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Green v. Bornstein

United States District Court, W.D. Kentucky, Louisville Division

October 26, 2017

MICHAEL J. GREEN, Plaintiff,
v.
WILLIAM S. BORNSTEIN, et al., Defendants.

          MEMORANDUM OPINION AND ORDER

          David J. Hale, Judge

         Plaintiff Michael Green brought this pro se action against Defendants William and Valeri Bornstein, James Nicholson, James Ballinger, and American Tax Funding, alleging violations of his constitutional rights. (Docket No. 1) Ballinger has moved to dismiss Green's claims pursuant to Federal Rule of Civil Procedure 12(b)(6). (D.N. 15) The Court will construe Ballinger's motion as one for judgment on the pleadings, however, as he previously filed an answer to Green's complaint. (See D.N. 6) Nicholson also seeks judgment on the pleadings. (D.N. 26) For the reasons set forth below, the Court will grant both motions.

         I. Standard

         Although presented as a motion to dismiss for failure to state a claim, Ballinger's motion was filed after he answered the complaint. (See D.N. 6; D.N. 15) Rule 12(b) provides that a motion asserting failure to state a claim “must be made before pleading if a responsive pleading is allowed.” Fed.R.Civ.P. 12(b). Ballinger's motion is thus properly construed as a motion for judgment on the pleadings pursuant to Rule 12(c). See Satkowiak v. Bay Cty. Sheriff's Dep't, 47 F. App'x 376, 377 n.1 (6th Cir. 2002).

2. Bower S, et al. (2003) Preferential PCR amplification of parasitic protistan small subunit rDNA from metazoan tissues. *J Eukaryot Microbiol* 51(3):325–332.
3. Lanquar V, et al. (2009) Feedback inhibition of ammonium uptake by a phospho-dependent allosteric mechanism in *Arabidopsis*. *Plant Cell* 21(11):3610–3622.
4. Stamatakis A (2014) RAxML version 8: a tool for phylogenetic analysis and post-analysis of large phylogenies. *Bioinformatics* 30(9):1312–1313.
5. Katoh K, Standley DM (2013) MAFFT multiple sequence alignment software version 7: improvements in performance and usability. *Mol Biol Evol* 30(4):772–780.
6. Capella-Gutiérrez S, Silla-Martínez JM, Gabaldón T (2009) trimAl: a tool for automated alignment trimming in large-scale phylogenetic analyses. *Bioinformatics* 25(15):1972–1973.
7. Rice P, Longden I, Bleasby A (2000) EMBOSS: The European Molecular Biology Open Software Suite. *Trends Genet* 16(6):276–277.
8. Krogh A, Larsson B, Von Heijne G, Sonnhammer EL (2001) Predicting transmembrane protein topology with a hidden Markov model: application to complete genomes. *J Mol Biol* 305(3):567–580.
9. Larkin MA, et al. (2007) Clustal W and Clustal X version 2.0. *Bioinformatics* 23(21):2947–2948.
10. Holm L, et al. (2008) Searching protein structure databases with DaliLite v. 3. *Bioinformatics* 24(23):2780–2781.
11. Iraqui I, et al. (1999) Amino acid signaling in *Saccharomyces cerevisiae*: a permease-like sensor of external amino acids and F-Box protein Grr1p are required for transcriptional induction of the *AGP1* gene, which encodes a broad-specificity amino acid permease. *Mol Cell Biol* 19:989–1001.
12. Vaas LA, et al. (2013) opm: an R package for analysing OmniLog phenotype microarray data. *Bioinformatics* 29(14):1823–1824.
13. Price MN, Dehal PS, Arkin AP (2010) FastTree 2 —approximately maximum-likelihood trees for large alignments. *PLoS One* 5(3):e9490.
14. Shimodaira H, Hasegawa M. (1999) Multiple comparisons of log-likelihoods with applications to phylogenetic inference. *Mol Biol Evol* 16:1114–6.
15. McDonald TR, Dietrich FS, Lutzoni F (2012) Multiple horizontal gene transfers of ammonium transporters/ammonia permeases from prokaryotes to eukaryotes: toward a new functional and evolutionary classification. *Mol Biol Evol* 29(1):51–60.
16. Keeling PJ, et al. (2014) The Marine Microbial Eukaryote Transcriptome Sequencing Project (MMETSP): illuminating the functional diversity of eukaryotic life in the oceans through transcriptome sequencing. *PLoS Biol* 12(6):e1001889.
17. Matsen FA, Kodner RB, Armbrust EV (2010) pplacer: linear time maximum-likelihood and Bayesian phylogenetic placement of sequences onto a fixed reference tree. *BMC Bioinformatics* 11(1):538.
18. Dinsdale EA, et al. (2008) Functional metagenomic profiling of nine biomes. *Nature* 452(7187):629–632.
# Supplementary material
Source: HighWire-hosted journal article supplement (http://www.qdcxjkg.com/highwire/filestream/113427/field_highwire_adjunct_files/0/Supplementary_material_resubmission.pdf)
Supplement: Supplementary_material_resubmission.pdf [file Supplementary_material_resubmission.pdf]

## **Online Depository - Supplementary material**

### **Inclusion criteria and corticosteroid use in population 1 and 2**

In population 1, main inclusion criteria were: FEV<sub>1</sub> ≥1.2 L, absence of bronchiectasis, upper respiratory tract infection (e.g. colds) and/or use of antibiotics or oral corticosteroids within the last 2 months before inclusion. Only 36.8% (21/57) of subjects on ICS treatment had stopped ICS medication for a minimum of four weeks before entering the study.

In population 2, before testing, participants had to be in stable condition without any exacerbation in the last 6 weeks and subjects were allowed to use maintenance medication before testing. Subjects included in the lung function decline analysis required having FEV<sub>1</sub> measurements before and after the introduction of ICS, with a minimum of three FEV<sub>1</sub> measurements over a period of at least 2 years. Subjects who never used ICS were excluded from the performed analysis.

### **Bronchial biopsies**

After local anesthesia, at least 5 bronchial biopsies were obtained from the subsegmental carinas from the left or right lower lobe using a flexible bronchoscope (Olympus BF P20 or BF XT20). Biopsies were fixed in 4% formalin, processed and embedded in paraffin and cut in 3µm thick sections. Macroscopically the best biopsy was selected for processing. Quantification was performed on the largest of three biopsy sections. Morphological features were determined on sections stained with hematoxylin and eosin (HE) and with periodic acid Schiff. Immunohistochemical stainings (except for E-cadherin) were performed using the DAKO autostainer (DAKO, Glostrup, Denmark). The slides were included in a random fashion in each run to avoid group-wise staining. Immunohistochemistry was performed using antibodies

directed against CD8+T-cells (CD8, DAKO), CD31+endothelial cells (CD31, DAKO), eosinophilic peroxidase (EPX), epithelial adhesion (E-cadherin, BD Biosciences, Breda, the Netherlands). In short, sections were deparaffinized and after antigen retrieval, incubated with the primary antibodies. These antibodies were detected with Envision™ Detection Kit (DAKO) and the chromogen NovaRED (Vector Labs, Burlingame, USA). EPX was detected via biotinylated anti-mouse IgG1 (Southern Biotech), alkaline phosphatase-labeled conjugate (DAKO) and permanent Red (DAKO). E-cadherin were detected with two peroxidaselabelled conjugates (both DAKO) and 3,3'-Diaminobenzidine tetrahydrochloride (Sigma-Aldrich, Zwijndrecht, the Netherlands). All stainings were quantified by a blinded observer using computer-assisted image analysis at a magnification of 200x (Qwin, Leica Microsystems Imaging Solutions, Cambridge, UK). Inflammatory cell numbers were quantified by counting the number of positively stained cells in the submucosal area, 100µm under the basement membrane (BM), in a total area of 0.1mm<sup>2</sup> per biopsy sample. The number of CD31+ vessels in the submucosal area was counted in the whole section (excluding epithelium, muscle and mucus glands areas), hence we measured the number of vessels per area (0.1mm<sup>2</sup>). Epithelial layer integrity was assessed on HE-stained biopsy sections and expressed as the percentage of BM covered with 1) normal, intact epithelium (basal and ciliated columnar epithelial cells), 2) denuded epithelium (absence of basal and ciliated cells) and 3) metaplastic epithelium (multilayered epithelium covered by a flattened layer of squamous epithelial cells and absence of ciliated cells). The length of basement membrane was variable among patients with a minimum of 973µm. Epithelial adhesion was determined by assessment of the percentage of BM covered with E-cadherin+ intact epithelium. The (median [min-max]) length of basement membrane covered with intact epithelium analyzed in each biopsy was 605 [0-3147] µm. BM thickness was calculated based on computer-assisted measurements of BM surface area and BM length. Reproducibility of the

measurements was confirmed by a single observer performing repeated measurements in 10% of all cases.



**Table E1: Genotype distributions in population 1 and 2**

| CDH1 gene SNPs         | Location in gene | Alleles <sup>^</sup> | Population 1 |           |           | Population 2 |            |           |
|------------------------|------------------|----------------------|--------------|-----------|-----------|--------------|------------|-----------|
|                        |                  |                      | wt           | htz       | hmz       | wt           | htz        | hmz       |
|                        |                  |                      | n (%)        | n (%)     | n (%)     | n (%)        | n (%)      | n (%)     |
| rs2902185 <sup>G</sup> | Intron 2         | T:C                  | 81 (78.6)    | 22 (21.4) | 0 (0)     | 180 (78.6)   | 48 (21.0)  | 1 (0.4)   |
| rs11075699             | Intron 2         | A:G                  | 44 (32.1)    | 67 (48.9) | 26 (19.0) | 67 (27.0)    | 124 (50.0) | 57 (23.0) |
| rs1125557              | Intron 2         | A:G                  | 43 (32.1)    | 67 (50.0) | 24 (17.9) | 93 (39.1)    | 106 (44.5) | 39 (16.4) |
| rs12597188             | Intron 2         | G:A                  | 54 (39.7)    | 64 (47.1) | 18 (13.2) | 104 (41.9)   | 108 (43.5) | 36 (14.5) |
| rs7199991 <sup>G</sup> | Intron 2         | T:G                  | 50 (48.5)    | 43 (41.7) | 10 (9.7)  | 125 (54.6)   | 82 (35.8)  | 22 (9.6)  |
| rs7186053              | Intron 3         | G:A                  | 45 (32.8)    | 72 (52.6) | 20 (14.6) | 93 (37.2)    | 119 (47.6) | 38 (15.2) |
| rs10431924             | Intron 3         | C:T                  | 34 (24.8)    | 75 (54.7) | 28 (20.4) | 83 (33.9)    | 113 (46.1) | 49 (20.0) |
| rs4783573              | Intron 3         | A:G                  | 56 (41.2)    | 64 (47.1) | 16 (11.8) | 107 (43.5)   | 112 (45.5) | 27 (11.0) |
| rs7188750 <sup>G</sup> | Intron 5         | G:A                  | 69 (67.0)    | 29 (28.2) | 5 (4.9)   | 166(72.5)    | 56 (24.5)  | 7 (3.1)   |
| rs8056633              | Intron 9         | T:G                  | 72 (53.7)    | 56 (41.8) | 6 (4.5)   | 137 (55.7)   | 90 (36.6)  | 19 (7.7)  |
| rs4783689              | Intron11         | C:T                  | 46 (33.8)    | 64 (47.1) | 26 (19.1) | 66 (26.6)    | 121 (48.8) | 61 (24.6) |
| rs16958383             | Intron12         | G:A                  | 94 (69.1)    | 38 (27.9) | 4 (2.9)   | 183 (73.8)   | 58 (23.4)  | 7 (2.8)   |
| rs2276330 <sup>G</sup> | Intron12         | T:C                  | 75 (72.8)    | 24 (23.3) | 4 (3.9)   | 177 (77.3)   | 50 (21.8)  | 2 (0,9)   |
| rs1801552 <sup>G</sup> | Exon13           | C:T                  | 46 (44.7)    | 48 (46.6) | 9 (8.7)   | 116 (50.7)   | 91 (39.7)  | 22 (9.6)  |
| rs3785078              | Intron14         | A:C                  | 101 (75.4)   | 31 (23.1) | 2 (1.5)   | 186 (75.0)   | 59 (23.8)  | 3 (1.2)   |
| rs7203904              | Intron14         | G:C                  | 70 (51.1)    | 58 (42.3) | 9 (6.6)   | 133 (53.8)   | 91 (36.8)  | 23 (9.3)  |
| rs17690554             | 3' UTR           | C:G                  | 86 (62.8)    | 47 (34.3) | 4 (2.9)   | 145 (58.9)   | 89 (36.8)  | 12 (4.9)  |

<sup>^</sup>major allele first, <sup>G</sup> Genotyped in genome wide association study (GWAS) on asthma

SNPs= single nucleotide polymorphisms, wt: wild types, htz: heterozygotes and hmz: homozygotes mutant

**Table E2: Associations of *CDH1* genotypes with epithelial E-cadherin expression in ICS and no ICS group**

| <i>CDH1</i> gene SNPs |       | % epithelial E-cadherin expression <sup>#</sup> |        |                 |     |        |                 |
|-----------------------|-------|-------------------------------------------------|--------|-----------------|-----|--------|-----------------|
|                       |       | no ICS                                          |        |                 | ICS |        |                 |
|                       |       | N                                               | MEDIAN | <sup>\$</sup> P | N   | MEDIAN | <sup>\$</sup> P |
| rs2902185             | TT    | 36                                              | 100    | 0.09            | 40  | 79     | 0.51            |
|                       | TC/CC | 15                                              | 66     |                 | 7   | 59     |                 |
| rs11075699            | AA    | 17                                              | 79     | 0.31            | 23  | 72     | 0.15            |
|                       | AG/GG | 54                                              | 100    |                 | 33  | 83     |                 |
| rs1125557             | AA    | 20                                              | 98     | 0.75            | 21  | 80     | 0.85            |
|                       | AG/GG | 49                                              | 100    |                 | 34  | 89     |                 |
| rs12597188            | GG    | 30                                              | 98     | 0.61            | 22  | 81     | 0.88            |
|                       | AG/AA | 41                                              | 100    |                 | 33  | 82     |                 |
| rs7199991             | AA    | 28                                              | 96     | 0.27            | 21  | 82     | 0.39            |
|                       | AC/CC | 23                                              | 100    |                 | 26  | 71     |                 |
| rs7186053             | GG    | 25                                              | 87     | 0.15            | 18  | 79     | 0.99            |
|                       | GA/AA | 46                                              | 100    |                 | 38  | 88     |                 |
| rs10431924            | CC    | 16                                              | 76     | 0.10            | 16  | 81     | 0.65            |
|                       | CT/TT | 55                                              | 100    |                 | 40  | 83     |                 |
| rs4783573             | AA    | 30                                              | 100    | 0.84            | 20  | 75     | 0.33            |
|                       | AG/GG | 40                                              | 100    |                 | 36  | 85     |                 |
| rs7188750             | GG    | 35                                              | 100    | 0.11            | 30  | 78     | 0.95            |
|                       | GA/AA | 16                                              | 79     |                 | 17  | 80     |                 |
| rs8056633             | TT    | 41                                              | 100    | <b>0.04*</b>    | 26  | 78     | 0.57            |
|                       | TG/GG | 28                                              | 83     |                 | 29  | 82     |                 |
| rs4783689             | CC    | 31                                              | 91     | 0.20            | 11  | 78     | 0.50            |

This distinction is of little practical effect, however. A motion for judgment on the pleadings pursuant to Rule 12(c) is subject to the same standard as a motion to dismiss for failure to state a claim under Rule 12(b)(6). CoMa Ins. Agency, Inc. v. Safeco Ins. Co., 526 F. App'x 465, 467 (6th Cir. 2013) (citing Wee Care Child Ctr., Inc. v. Lumpkin, 680 F.3d 841, 846 (6th Cir. 2012)). Thus, to survive a motion for judgment on the pleadings, “a complaint must contain sufficient factual matter, accepted as true, to ‘state a claim to relief that is plausible on its face.'” Ashcroft v. Iqbal, 556 U.S. 662, 678 (2009) (quoting Bell Atl. Corp. v. Twombly, 550 U.S. 544, 570 (2007)). To meet this standard, a plaintiff must “plead[] factual content that allows the court to draw the reasonable inference that the defendant is liable for the misconduct alleged.” Id. A complaint whose “well-pleaded facts do not permit the court to infer more than the mere possibility of misconduct” does not satisfy the Federal Rules' pleading requirements and will not withstand a motion for judgment on the pleadings. Id. at 679; see CoMa Ins. Agency, 526 F. App'x at 467.